• Localized cold urticaria: A reaction to cold exposure that occurs in areas of the skin where bug bites have previously occurred or where injections for allergies have been administered (specifically, injections of ragweed to desensitize a person with a ragweed allergy).
  • Reflex cold urticaria: A bodily response involving a widespread outbreak of hives that occur as a response to a localized area of cold application (such as applying an ice pack). 

Hereditary (Familial) Form

Hereditary (familial) form of cold rash involves symptoms that:

  • Usually take approximately 24 to 48 hours to appear
  • Last longer (usually around 24 hours, up to 48 hours) than symptoms last in the acquired, essential form of cold urticaria.

Cold Rash Symptoms

Common symptoms of cold rash include:

  • An abnormal reaction of the skin in the area exposed to cold (including cold water, ice application, cold food, icy drinks, or cold weather)
  • Reddened skin (erythema)
  • Pruritic (itchy) hives (welts or wheals) with or without angioedema (swelling of the tissue)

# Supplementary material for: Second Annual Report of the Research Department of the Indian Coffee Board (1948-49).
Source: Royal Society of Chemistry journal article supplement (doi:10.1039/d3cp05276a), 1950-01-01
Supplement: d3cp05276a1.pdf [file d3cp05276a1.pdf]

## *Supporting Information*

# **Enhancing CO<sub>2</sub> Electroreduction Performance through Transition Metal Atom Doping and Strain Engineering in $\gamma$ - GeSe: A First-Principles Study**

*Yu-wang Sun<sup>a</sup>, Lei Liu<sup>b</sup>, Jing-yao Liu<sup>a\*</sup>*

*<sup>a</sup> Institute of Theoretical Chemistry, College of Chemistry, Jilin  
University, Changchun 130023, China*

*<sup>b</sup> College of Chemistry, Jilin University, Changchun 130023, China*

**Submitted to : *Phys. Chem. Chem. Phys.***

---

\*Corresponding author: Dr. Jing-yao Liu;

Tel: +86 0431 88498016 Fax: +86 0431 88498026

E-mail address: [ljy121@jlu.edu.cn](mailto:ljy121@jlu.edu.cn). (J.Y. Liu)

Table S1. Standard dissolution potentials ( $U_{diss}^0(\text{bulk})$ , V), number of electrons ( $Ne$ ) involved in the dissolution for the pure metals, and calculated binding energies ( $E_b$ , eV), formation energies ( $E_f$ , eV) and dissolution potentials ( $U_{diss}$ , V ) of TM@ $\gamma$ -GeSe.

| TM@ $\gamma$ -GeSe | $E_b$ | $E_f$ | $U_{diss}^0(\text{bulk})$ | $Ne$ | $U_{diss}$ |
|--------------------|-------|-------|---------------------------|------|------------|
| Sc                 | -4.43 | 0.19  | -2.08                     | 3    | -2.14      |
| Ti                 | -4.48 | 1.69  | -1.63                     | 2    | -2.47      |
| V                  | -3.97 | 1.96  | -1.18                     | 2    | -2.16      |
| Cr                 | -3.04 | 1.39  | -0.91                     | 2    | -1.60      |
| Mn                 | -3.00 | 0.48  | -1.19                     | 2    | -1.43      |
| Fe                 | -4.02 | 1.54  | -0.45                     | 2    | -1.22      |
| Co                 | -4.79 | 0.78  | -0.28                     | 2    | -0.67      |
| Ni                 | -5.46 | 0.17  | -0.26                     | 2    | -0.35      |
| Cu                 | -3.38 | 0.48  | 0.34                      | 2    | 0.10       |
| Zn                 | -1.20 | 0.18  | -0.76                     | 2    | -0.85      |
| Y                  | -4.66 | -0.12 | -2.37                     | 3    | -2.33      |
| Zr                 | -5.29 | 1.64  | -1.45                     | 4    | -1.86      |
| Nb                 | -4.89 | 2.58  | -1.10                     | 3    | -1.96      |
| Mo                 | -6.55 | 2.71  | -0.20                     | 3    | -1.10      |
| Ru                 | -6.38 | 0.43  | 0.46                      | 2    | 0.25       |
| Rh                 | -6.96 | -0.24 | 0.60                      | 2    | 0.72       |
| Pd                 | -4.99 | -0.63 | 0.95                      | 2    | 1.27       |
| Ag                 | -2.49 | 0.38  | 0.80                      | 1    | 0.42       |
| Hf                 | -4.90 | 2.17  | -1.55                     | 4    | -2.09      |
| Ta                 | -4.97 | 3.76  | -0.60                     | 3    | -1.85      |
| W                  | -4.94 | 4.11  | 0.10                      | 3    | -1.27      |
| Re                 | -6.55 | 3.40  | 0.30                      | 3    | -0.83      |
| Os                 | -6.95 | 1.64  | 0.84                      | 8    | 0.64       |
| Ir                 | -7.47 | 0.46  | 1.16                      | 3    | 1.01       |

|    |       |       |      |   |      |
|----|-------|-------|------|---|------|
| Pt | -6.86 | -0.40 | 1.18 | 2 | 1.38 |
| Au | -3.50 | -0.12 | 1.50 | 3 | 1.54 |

• Itching
  • Fever
  • Headache
  • Anxiety
  • Fatigue
  • Arthralgia (joint pain)
  • Leukocytosis (an elevation in white blood cells)
  • Uncommon symptoms may include: fainting, heart palpitations, wheezing

Severe Symptoms

Symptoms of cold rash often worsen as the skin warms up.

A severe reaction is possible and usually occurs when a person has full skin exposure (such as immersion in cold water).

Severe, systemic symptoms may include:

  • Swelling of the tongue and throat
  • Difficulty breathing
  • Anaphylaxis (which may include fainting; fast heart rate; swelling of the arms, legs, or torso; and shock).

Severe reactions, such as anaphylaxis, are usually linked with full skin exposure, such as when swimming in cold water.